What does the South hope to achieve?
Moon, an advocate of engagement with the North, has overcome an initially tense relationship with Trump by presenting himself as the go-between for two leaders who need to strike a deal.
Having brokered a summit between Trump and Kim scheduled for May or June, his task now is to make sure the meeting goes ahead and adds momentum to the process of eventual denuclearization of the Korean Peninsula.
Moon's shuttle diplomacy followed a war of words between Pyongyang and Washington. Trump said the U.S. was ready to "totally destroy" North Korea during a United Nations General Assembly session in September, while North Korea threatened to detonate a hydrogen bomb over the Pacific.
Moon has stressed that Seoul must be "in the driving seat" during negotiations on denuclearization.
The peace offensive comes in stark contrast to the hard-line approach taken by Moon's predecessor Park Geun-hye, and has proved popular with the public. Kim Dae-jung won the Nobel Peace Prize for his "sunshine policy" of engagement with the North and the successful conclusion to the 2000 summit. Some have suggested Moon has similar ambitions.
What does the North hope to achieve?
Kim became the North Korean leader in 2011 before he turned 30, and would appear to have many years ahead of him in the position.
The immediate goal is an easing of sanctions. The United Nations has completely banned North Korean exports of coal, iron ore, textiles and other items, and has severely curbed the country's oil supply.
Ultimately, Pyongyang's aim is to gain security guarantees for the regime in the form of diplomatic normalization with the U.S. in exchange for ending the nuclear weapons program.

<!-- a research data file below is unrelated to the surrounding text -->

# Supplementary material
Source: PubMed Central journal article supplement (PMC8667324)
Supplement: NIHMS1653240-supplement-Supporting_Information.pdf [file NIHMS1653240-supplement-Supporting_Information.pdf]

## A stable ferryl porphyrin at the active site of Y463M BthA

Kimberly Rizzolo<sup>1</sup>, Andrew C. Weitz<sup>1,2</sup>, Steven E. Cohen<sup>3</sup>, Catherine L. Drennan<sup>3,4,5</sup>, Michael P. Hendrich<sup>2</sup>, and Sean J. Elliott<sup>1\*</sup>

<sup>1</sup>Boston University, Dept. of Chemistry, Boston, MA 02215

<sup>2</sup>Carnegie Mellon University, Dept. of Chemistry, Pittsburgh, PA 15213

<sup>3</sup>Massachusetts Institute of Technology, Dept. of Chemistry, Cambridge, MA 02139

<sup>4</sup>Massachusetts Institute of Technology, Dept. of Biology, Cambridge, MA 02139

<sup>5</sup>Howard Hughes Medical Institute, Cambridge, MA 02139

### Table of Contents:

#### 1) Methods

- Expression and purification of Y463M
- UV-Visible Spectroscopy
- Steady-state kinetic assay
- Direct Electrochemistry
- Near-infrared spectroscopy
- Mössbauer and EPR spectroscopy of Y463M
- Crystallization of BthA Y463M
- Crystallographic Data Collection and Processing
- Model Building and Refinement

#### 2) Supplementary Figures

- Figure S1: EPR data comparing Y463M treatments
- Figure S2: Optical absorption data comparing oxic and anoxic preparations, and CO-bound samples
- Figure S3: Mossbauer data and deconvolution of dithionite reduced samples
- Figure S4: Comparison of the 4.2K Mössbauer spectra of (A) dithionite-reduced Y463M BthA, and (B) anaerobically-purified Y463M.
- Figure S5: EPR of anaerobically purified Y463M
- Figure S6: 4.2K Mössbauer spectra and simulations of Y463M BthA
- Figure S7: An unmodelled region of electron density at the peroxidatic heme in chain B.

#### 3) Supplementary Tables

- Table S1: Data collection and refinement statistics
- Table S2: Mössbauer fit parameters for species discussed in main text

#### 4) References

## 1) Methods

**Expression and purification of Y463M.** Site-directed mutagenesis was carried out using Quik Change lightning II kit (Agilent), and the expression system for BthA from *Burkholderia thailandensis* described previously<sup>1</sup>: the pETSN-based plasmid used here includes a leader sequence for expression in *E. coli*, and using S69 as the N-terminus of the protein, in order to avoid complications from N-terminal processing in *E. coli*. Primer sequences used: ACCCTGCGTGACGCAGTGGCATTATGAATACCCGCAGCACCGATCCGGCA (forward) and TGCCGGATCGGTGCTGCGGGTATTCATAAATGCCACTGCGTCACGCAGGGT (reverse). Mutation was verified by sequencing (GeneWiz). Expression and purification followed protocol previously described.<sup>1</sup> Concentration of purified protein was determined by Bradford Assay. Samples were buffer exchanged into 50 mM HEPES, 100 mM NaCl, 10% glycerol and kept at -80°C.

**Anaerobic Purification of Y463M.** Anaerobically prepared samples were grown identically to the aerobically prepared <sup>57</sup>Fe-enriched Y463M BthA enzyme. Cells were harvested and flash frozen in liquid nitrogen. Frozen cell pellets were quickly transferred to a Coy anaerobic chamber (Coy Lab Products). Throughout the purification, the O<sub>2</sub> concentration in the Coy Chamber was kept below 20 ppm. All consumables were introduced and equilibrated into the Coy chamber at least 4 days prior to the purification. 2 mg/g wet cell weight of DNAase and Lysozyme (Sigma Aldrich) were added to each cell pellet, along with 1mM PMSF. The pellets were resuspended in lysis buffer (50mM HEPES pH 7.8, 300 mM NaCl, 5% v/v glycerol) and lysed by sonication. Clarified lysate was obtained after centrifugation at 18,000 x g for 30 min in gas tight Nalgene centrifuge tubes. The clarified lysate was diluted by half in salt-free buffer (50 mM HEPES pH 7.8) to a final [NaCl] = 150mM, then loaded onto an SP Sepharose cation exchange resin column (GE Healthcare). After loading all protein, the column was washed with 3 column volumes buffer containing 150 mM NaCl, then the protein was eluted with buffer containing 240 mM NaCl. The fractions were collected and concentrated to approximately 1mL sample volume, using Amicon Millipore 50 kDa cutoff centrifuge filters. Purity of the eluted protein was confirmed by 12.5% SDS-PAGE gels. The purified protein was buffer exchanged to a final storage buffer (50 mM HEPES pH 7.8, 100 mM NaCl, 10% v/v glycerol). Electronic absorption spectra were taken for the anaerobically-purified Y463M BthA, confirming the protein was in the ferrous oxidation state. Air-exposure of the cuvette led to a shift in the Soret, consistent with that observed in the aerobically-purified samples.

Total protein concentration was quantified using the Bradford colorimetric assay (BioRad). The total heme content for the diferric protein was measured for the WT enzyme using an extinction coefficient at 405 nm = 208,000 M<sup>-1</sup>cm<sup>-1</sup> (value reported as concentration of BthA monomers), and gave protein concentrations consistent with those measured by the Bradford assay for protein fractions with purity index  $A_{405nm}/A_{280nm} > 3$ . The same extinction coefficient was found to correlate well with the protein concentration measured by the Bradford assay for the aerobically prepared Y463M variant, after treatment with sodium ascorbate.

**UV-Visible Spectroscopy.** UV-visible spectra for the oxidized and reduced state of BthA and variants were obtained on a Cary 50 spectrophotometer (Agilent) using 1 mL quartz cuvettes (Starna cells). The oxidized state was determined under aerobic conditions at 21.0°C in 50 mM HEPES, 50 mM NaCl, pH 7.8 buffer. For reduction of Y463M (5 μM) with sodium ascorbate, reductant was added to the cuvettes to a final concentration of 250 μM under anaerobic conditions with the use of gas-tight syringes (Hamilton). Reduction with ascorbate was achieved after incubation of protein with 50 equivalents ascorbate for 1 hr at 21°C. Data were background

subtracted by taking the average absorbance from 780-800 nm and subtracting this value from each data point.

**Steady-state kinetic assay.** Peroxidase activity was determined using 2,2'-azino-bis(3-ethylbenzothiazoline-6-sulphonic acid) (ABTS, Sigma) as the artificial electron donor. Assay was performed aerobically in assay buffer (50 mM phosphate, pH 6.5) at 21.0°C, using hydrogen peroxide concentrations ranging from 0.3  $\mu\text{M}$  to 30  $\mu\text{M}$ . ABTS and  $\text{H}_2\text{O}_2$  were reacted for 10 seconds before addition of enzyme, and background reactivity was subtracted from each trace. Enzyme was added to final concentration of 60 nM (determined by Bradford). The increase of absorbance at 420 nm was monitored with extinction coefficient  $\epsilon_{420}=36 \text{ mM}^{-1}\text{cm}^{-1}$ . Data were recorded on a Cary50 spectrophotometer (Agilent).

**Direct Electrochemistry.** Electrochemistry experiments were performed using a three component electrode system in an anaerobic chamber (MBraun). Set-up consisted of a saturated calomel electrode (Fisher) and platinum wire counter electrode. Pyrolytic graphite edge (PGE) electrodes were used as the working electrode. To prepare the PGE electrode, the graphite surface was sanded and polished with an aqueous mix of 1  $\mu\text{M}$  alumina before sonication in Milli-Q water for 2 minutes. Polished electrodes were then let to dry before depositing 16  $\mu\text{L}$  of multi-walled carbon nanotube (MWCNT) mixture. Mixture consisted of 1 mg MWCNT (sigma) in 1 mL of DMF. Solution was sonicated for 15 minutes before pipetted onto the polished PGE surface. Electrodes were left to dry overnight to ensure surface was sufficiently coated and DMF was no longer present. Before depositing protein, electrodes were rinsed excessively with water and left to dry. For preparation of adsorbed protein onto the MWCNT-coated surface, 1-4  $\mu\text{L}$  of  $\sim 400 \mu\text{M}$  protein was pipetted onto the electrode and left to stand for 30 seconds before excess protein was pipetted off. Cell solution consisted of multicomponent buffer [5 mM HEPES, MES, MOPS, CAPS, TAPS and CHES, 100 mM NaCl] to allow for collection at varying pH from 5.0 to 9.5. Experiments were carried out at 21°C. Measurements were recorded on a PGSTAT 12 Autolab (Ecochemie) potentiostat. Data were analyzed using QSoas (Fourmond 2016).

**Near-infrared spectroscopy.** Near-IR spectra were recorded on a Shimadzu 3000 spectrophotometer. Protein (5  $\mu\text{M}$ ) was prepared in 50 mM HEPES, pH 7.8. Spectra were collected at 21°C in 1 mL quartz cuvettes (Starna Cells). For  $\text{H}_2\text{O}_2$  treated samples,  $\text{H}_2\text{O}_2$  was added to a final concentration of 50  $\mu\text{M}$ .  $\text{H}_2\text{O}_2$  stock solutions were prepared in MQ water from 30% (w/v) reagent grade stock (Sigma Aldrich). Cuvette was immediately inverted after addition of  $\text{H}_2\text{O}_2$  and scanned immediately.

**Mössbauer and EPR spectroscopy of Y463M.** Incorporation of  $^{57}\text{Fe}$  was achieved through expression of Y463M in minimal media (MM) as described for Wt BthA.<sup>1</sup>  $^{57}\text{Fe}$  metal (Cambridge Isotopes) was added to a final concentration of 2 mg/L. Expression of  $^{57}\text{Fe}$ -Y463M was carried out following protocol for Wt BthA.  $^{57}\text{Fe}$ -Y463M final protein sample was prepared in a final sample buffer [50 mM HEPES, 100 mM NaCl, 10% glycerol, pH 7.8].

Much skepticism remains about the true intentions of the North. Last week, Pyongyang said it would close its underground nuclear test facility and suspend missile and nuclear tests, in an apparent goodwill gesture.
But this week, Chinese scientists reported that the underground facility suffered a collapse following the nuclear test in September and is not usable anyway -- a finding that may point to the disingenuous nature of the North Korean regime.
What will the summit achieve?
Pyongyang and Seoul want to lay the groundwork for a successful Trump-Kim meeting, and the two sides are expected to highlight progress toward the final goal of denuclearization.
They could also announce an official end to the hostilities in a bid to replace the armistice of 1953.
But the two leaders are unlikely to go into specifics such as the time frame and extent of denuclearization or precise reductions in the conventional weapons they have targeted at each other.
The two Koreas are likely to confirm the basic aims of future talks, such as denuclearization, peace, humanitarian issues and improving bilateral relations, according to Shin Beom-chul, senior fellow at the Asan Institute for Policy Studies, a Seoul-based think tank.